Windows Cyber Security – STIGs for Beginners

Written by Paul Hill on February 1, 2022

Paul Hill is the founder of and IT instructor to over 500,000 students online!

This tutorial will show you how you can get started learning the technical side of Cyber Security for Windows environments. This tutorial is going to show you how to use STIGs (Security Technical Implementation Guides) to identify low, medium and high vulnerabilities and patch them in your Windows Environments.

What is a STIG?

A STIG is a checklist of known vulnerabilities for a given technology. It tells you what vulnerabilities your service has and how you can fix them. You can use free websites like to see the list of STIGs available to you. In this lesson we are going to look at the Windows 10 STIG:

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Windows 10 STIG

Click here for the direct link to the Windows 10 STIG

Lab Environment

For this post, we will be using the Server Academy IT labs. Specifically, the Active Directory Users & Computers IT lab:

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Active Directory Users and Computers IT lab

This lab requires a full access membership which you can get here if you don’t already have one. Alternatively you can setup your own lab on Hyper-V or VirtualBox, Install Windows Server 2016 (or whatever year you prefer) and the AD DS server role. Finally install Windows 10 as a client computer and join it to your domain.

Understanding the STIG Overview

At the top of the page you will see an overview. This shows the CAT Is (ones), CAT IIs (twos) and CAT IIIs (threes):

  • CAT I – Severe vulnerabilities
  • CAT II – Medium vulnerabilities
  • CAT III – Low vulnerabilities
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STIG Overview

You can download this list under the downloads section. Most of the time you will have a vulnerability scanner that can automatically check your computer systems to see which of these vulnerabilities you need to fix – but if you don’t you will want to download the Excel (csv) file so you can track your progress through the STIG.

STIG Findings

Below the STIG overview you will see the list of findings sorted by category (starting with CAT Is):

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STIG Findings

In the real world, you will want to use the spreadsheet (or scanning software) to document each finding and either it has been fixed or why it cannot be fixed. Sometimes you cannot fix a finding / vulnerability if it will break your network.

Let’s look at the first example: V-220708 titled Local volumes must be formatted using NTFS. Imagine you have hardware or software that is not compatible with NTFS – you would not be able to complete the fix text which is to format the volume with NTFS because it would break your network. In this case you would document why you cannot fix it.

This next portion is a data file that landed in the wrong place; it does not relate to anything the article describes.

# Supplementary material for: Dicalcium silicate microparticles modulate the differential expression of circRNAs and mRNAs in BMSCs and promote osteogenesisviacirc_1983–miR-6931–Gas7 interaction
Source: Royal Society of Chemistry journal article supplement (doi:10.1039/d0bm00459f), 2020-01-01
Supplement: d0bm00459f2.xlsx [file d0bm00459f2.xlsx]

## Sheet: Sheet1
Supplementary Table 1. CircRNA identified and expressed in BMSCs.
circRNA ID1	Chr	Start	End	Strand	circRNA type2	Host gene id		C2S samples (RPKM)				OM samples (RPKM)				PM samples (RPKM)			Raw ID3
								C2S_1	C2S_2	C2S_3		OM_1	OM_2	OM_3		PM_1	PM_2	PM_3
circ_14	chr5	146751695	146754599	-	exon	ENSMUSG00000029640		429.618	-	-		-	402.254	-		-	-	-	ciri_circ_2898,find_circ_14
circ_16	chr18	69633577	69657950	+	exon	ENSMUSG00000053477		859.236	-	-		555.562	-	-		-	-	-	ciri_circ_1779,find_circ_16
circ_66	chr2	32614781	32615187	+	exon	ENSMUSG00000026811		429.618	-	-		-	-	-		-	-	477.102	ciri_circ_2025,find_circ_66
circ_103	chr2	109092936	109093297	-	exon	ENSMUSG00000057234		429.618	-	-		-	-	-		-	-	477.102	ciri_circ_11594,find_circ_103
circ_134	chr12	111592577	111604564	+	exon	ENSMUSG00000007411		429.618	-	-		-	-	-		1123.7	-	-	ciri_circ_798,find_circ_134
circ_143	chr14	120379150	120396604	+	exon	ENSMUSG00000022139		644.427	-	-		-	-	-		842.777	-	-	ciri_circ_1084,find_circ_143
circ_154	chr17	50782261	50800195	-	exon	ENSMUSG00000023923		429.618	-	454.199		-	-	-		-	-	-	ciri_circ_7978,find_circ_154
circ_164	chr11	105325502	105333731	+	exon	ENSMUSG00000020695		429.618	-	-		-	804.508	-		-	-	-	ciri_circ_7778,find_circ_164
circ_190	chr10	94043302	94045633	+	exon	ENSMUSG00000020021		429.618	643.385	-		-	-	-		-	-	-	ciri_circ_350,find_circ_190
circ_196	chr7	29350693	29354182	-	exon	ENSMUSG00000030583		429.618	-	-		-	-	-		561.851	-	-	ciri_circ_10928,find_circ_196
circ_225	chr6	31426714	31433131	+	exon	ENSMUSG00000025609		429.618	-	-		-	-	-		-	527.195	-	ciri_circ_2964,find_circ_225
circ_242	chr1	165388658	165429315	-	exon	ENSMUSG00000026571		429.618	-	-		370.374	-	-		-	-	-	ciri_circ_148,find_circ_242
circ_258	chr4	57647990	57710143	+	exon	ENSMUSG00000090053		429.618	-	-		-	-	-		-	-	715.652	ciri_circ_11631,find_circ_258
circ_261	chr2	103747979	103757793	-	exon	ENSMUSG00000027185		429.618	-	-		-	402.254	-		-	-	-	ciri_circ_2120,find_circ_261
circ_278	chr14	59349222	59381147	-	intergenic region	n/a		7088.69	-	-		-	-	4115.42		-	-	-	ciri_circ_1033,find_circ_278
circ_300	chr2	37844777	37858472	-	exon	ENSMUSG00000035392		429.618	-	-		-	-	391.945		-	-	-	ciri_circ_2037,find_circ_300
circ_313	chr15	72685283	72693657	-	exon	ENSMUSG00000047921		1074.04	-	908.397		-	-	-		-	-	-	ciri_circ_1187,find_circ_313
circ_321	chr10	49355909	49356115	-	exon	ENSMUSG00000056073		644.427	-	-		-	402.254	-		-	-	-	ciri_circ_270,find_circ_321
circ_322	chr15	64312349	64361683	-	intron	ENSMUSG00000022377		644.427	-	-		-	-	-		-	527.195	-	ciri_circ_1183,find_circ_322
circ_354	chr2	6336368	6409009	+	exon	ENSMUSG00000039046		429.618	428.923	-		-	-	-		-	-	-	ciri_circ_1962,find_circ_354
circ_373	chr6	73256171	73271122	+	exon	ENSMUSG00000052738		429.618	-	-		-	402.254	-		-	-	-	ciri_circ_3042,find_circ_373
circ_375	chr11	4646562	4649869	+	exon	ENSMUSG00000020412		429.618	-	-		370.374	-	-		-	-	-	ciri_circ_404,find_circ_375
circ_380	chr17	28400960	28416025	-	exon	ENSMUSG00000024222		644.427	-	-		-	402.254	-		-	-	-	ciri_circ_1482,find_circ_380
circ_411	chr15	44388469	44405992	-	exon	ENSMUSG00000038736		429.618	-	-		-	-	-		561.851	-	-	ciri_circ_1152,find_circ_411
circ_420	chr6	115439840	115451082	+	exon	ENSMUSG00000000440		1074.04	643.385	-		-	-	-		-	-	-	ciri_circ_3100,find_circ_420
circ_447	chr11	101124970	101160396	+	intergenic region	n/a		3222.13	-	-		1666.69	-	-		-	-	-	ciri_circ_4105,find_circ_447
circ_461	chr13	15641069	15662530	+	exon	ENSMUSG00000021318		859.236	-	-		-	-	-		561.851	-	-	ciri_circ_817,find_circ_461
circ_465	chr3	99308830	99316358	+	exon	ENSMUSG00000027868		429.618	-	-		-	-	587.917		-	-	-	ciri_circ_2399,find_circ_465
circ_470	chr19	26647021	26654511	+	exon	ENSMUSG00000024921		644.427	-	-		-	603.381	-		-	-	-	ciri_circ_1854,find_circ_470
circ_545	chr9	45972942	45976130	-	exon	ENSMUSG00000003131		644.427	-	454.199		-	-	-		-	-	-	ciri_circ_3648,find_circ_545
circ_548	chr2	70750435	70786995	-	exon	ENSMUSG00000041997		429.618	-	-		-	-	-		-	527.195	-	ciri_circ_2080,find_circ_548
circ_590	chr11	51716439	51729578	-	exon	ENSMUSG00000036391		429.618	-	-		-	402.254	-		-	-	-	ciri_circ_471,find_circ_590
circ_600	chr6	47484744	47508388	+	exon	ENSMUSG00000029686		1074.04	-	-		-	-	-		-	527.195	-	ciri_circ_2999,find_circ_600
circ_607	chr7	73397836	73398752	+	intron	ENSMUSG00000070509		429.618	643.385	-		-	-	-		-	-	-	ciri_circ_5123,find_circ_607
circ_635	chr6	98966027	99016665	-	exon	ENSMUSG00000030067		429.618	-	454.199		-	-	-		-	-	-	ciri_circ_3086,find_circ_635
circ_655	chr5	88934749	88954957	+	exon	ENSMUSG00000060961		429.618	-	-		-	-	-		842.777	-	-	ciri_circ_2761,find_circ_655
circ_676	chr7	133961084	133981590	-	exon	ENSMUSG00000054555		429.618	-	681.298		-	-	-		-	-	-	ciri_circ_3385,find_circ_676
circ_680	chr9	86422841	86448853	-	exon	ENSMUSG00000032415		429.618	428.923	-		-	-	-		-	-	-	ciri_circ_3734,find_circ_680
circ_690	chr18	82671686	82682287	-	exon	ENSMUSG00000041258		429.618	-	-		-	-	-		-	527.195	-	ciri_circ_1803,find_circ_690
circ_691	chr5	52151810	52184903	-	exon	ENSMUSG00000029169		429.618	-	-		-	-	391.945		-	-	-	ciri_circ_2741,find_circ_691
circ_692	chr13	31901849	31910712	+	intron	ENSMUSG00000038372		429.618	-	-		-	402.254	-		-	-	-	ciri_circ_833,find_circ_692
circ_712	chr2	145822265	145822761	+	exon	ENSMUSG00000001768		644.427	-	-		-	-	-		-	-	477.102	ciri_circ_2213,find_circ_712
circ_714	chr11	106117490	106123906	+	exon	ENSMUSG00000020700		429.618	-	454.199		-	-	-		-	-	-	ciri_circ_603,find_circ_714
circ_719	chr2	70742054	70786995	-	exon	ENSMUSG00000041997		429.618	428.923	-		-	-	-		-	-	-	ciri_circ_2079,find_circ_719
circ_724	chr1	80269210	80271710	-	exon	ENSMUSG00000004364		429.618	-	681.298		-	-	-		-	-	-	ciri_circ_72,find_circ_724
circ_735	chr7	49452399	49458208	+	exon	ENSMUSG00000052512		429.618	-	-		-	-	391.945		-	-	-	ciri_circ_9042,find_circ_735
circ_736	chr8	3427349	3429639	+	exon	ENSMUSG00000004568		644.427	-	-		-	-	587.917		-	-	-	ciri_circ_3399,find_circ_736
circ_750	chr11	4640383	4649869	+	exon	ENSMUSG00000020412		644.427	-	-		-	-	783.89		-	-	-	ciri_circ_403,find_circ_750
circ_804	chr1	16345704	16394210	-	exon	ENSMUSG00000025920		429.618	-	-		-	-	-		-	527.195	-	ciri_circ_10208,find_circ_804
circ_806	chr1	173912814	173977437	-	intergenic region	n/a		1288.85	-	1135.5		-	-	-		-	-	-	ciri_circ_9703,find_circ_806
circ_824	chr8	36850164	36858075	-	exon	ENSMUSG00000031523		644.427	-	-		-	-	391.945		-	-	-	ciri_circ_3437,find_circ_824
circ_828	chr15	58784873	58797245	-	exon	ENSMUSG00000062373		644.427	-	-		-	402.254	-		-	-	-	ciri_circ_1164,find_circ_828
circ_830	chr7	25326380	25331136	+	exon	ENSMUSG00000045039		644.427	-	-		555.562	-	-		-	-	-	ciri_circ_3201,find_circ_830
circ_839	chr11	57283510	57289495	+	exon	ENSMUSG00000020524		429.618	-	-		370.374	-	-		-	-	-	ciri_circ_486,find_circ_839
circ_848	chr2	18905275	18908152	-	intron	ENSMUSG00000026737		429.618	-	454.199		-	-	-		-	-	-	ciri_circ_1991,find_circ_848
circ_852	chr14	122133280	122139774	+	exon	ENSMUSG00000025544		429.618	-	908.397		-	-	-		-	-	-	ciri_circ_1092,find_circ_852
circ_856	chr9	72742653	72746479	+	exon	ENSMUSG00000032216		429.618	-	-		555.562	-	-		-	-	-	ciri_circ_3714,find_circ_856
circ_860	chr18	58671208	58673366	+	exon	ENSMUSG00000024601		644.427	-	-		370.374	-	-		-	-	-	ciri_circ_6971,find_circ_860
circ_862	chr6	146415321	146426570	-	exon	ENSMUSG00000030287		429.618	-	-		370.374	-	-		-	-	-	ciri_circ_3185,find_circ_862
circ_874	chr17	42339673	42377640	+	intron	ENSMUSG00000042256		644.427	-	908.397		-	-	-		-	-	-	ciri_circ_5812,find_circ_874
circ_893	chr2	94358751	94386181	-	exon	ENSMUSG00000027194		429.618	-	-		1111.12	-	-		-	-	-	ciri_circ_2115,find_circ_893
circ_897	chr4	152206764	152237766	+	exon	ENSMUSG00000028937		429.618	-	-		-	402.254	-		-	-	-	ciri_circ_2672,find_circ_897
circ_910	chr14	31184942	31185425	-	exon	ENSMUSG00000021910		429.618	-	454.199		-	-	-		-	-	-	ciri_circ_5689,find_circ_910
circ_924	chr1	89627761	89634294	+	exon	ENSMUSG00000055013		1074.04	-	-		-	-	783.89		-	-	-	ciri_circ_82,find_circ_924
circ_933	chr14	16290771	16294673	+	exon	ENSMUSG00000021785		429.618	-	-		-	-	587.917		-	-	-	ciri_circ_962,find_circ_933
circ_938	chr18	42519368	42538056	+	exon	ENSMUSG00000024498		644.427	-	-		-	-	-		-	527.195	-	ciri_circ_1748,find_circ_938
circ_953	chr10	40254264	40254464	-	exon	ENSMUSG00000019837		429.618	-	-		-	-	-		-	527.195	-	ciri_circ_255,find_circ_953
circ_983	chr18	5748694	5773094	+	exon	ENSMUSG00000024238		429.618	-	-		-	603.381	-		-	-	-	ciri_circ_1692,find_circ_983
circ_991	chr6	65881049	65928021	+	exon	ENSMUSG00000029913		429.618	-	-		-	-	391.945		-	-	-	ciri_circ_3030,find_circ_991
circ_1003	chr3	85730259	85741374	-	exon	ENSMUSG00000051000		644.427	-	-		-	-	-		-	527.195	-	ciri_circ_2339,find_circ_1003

STIGs are an excellent way to become more proficient with IT admin tools like Group Policy, Active Directory and they will increase your overall knowledge of your computer systems because it will have you configuring settings you have never seen before. Use them as a learning tool!

Let’s fix a finding!

Let’s fix V-229832 titled “Anonymous access to Named Pipes and Shares must be restricted.” Under the description we can see that if we don’t fix this that this provides the potential for unauthorized system access. Not good!

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Unauthorized System Access

Under the fix text, we see that this is fixed by configuring Group Policy.

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STIG Fix Text

In our lab, on the domain controller we need to create a new GPO or use an existing GPO if you prefer:

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Navigate to the specify GPO path and right-click the setting and select Properties:

Computer Configuration >> Windows Settings >> Security Settings >> Local Policies >> Security Options >> “Network access: Restrict anonymous access to Named Pipes and Shares”

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Network access: Restrict anonymous access to Named Pipes and Shares

Enable the setting and click OK:

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Enable GPO setting

Now let’s switch over to your Windows 10 Computer. If you’re using the Server Academy IT labs, then just click the Windows 10 computer in the Resources tab:

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Hit start, then search for and open CMD. Once it loads, run gpupdate /force. This will grab the newly configured Group Policy from our Domain Controller.

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GPUpdate /force

Next we can confirm that the setting was applied by opening RSOP.msc:

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Now we can browse to the setting we configured in Group Policy and make sure that it is applied on our Windows 10 computer:

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And that’s it! This finding is now resolved on our computer. If we were using vulnerability scanning software it would now report that this is no longer an open vulnerability.

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